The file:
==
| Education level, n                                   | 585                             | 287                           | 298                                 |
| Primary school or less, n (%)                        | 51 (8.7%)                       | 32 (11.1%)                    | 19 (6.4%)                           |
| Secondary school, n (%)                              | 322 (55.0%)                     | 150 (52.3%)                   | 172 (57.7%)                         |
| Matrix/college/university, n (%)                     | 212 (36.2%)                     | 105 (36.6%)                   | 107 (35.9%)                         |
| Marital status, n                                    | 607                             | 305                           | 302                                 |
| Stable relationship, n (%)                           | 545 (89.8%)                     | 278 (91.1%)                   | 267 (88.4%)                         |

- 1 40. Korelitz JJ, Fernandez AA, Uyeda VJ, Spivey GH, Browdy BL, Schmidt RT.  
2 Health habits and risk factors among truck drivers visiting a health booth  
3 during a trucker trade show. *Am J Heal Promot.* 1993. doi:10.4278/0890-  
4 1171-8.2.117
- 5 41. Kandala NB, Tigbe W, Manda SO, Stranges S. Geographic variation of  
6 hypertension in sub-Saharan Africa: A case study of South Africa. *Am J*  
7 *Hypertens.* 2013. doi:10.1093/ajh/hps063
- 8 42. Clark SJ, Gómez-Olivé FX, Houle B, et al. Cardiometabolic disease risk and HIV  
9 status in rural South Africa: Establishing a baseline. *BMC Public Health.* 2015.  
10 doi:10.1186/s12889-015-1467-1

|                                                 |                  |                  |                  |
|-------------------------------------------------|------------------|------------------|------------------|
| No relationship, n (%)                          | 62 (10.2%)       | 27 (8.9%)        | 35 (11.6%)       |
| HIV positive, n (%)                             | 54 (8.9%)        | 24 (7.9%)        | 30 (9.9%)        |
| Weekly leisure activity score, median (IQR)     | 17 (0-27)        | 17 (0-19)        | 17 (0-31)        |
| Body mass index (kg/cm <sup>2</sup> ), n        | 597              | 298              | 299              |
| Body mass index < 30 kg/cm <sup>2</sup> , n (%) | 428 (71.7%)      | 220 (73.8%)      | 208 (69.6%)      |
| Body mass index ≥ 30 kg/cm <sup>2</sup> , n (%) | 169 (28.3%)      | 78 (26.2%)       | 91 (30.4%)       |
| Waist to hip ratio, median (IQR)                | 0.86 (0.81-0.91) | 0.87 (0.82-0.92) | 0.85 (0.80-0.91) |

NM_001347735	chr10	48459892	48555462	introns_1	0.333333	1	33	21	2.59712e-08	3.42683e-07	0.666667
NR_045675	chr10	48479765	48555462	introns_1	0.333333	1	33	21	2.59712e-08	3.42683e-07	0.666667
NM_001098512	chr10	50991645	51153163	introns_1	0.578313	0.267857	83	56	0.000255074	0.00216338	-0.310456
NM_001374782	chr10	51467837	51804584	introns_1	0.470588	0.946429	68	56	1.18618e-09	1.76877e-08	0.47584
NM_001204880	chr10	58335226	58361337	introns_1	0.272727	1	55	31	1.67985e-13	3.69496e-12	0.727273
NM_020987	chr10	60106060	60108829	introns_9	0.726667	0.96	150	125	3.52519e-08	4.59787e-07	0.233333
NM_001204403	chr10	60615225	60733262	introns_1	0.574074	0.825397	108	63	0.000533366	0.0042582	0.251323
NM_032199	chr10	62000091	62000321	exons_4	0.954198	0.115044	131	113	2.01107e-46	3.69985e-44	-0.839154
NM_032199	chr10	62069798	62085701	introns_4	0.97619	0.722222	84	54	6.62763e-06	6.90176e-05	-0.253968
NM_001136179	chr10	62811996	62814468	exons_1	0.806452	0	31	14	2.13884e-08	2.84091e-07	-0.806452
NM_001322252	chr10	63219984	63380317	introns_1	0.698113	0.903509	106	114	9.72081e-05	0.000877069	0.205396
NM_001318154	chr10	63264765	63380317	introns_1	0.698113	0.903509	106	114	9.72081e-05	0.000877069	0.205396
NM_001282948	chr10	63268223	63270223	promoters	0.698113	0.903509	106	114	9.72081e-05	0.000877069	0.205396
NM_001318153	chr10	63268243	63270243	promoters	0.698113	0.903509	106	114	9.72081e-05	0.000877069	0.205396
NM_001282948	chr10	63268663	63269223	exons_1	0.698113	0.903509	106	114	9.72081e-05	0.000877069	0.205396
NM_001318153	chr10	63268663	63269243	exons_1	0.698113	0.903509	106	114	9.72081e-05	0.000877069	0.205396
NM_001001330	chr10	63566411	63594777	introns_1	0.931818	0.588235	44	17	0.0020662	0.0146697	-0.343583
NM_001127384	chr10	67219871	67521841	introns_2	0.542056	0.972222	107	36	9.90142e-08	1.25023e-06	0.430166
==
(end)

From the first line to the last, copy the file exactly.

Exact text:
| Education level, n                                   | 585                             | 287                           | 298                                 |
| Primary school or less, n (%)                        | 51 (8.7%)                       | 32 (11.1%)                    | 19 (6.4%)                           |
| Secondary school, n (%)                              | 322 (55.0%)                     | 150 (52.3%)                   | 172 (57.7%)                         |
| Matrix/college/university, n (%)                     | 212 (36.2%)                     | 105 (36.6%)                   | 107 (35.9%)                         |
| Marital status, n                                    | 607                             | 305                           | 302                                 |
| Stable relationship, n (%)                           | 545 (89.8%)                     | 278 (91.1%)                   | 267 (88.4%)                         |

- 1 40. Korelitz JJ, Fernandez AA, Uyeda VJ, Spivey GH, Browdy BL, Schmidt RT.  
2 Health habits and risk factors among truck drivers visiting a health booth  
3 during a trucker trade show. *Am J Heal Promot.* 1993. doi:10.4278/0890-  
4 1171-8.2.117
- 5 41. Kandala NB, Tigbe W, Manda SO, Stranges S. Geographic variation of  
6 hypertension in sub-Saharan Africa: A case study of South Africa. *Am J*  
7 *Hypertens.* 2013. doi:10.1093/ajh/hps063
- 8 42. Clark SJ, Gómez-Olivé FX, Houle B, et al. Cardiometabolic disease risk and HIV  
9 status in rural South Africa: Establishing a baseline. *BMC Public Health.* 2015.  
10 doi:10.1186/s12889-015-1467-1

|                                                 |                  |                  |                  |
|-------------------------------------------------|------------------|------------------|------------------|
| No relationship, n (%)                          | 62 (10.2%)       | 27 (8.9%)        | 35 (11.6%)       |
| HIV positive, n (%)                             | 54 (8.9%)        | 24 (7.9%)        | 30 (9.9%)        |
| Weekly leisure activity score, median (IQR)     | 17 (0-27)        | 17 (0-19)        | 17 (0-31)        |
| Body mass index (kg/cm <sup>2</sup> ), n        | 597              | 298              | 299              |
| Body mass index < 30 kg/cm <sup>2</sup> , n (%) | 428 (71.7%)      | 220 (73.8%)      | 208 (69.6%)      |
| Body mass index ≥ 30 kg/cm <sup>2</sup> , n (%) | 169 (28.3%)      | 78 (26.2%)       | 91 (30.4%)       |
| Waist to hip ratio, median (IQR)                | 0.86 (0.81-0.91) | 0.87 (0.82-0.92) | 0.85 (0.80-0.91) |

NM_001347735	chr10	48459892	48555462	introns_1	0.333333	1	33	21	2.59712e-08	3.42683e-07	0.666667
NR_045675	chr10	48479765	48555462	introns_1	0.333333	1	33	21	2.59712e-08	3.42683e-07	0.666667
NM_001098512	chr10	50991645	51153163	introns_1	0.578313	0.267857	83	56	0.000255074	0.00216338	-0.310456
NM_001374782	chr10	51467837	51804584	introns_1	0.470588	0.946429	68	56	1.18618e-09	1.76877e-08	0.47584
NM_001204880	chr10	58335226	58361337	introns_1	0.272727	1	55	31	1.67985e-13	3.69496e-12	0.727273
NM_020987	chr10	60106060	60108829	introns_9	0.726667	0.96	150	125	3.52519e-08	4.59787e-07	0.233333
NM_001204403	chr10	60615225	60733262	introns_1	0.574074	0.825397	108	63	0.000533366	0.0042582	0.251323
NM_032199	chr10	62000091	62000321	exons_4	0.954198	0.115044	131	113	2.01107e-46	3.69985e-44	-0.839154
NM_032199	chr10	62069798	62085701	introns_4	0.97619	0.722222	84	54	6.62763e-06	6.90176e-05	-0.253968
NM_001136179	chr10	62811996	62814468	exons_1	0.806452	0	31	14	2.13884e-08	2.84091e-07	-0.806452
NM_001322252	chr10	63219984	63380317	introns_1	0.698113	0.903509	106	114	9.72081e-05	0.000877069	0.205396
NM_001318154	chr10	63264765	63380317	introns_1	0.698113	0.903509	106	114	9.72081e-05	0.000877069	0.205396
NM_001282948	chr10	63268223	63270223	promoters	0.698113	0.903509	106	114	9.72081e-05	0.000877069	0.205396
NM_001318153	chr10	63268243	63270243	promoters	0.698113	0.903509	106	114	9.72081e-05	0.000877069	0.205396
NM_001282948	chr10	63268663	63269223	exons_1	0.698113	0.903509	106	114	9.72081e-05	0.000877069	0.205396
NM_001318153	chr10	63268663	63269243	exons_1	0.698113	0.903509	106	114	9.72081e-05	0.000877069	0.205396
NM_001001330	chr10	63566411	63594777	introns_1	0.931818	0.588235	44	17	0.0020662	0.0146697	-0.343583
NM_001127384	chr10	67219871	67521841	introns_2	0.542056	0.972222	107	36	9.90142e-08	1.25023e-06	0.430166